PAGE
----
His team did not expect to be defending the overall lead, but they are doing a credible job of controlling the peloton during the hot afternoons in Spain, and every stage like today that doesn’t see huge GC changes works in their favour.
Eiking is showing he is capable of holding out for what would be a gloriously unexpected but terrifically deserved victory.
The curious case of Adam Yates - again
Yesterday, after stage 14, we wrote this about Adam Yates:
“Much like his twin brother Simon at the Giro d’Italia, Adam Yates is having a curious Grand Tour: some moments he looks like he’s the best climber in the field, and then other days he can’t keep up with the riders he’s trying to beat. Stage 14 was another one of the latter for the Briton, shipping 12 seconds to Roglič and co.”
In keeping with the race the Ineos Grenadiers man is having, Sunday was fittingly the former for Yates, who this time gained time on his GC rivals, attacking on the final climb and clawing back 15 seconds.
He is 4-34 adrift of Eiking, 2-58 shy of Roglič, and desperately needs to hope that he finds career-best form in the final six days of action in his pursuit of emulating what Simon did in 2018 in winning the Vuelta.
We all know Yates is one of the race’s most aggressive, punchy, exciting climbers, but his up-and-down form is a constant source of not just irritation but annoyance.
What Adam Yates will turn up in the final week? Frustratingly for him and his team, it’s impossible to know.
Other GC contenders ride home as one
Jack Haig, sixth overall, had suggested at the day’s start that Primož Roglič looked tired in the finale of stage 14, but even if the Australian’s instincts were correct, aside from Yates’ small attack, nothing came to pass among the group of favourites.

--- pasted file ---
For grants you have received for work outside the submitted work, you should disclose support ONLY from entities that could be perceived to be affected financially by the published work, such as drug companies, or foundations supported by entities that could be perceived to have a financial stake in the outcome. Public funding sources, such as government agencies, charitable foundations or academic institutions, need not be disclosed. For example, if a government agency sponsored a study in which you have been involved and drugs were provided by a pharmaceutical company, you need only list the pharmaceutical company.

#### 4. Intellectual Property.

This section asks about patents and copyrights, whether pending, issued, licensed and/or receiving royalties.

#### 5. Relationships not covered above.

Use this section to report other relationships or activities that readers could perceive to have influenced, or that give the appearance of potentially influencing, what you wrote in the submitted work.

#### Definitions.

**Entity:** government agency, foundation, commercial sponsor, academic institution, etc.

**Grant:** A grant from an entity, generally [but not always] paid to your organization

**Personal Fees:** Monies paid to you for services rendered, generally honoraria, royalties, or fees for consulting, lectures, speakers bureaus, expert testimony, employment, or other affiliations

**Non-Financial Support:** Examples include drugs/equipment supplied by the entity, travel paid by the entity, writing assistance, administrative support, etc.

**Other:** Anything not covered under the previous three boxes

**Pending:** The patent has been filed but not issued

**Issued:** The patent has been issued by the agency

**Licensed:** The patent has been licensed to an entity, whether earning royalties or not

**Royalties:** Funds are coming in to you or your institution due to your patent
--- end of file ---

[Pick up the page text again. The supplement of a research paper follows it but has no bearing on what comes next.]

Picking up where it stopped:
It meant that, rather disappointedly given the mountainous profile of the day’s racing, there were limited attacks, with Yates and Enric Mas the only two to really put in a sustained dig.
Giulio Ciccone of Trek-Segafredo led the 14-strong group home, immediately ahead of Odd Christian Eiking, with Roglič, Mas, Haig, Egan Bernal and Miguel Ángel López all present, too.
As already mentioned, that suits Eiking perfectly fine, and puts all the pressure of the GC riders to do something in the three remaining summit finishes and final day 33.8km time trial.
The worry is that even if Eiking’s lead is somewhat of a fairy-tale, the rest of the GC battle looks in danger of petering out. Let’s hope for final week fireworks.
Chris first started writing for Cycling Weekly in 2013 on work experience and has since become a regular name in the magazine and on the website. Reporting from races, long interviews with riders from the peloton and riding features drive his love of writing about all things two wheels.
Probably a bit too obsessed with mountains, he was previously found playing and guiding in the Canadian Rockies, and now mostly lives in the Val d’Aran in the Spanish Pyrenees where he’s a ski instructor in the winter. His laptop is as important as his avalanche equipment when he goes ski touring, and he almost certainly holds the record for the most number of interviews conducted from mountains.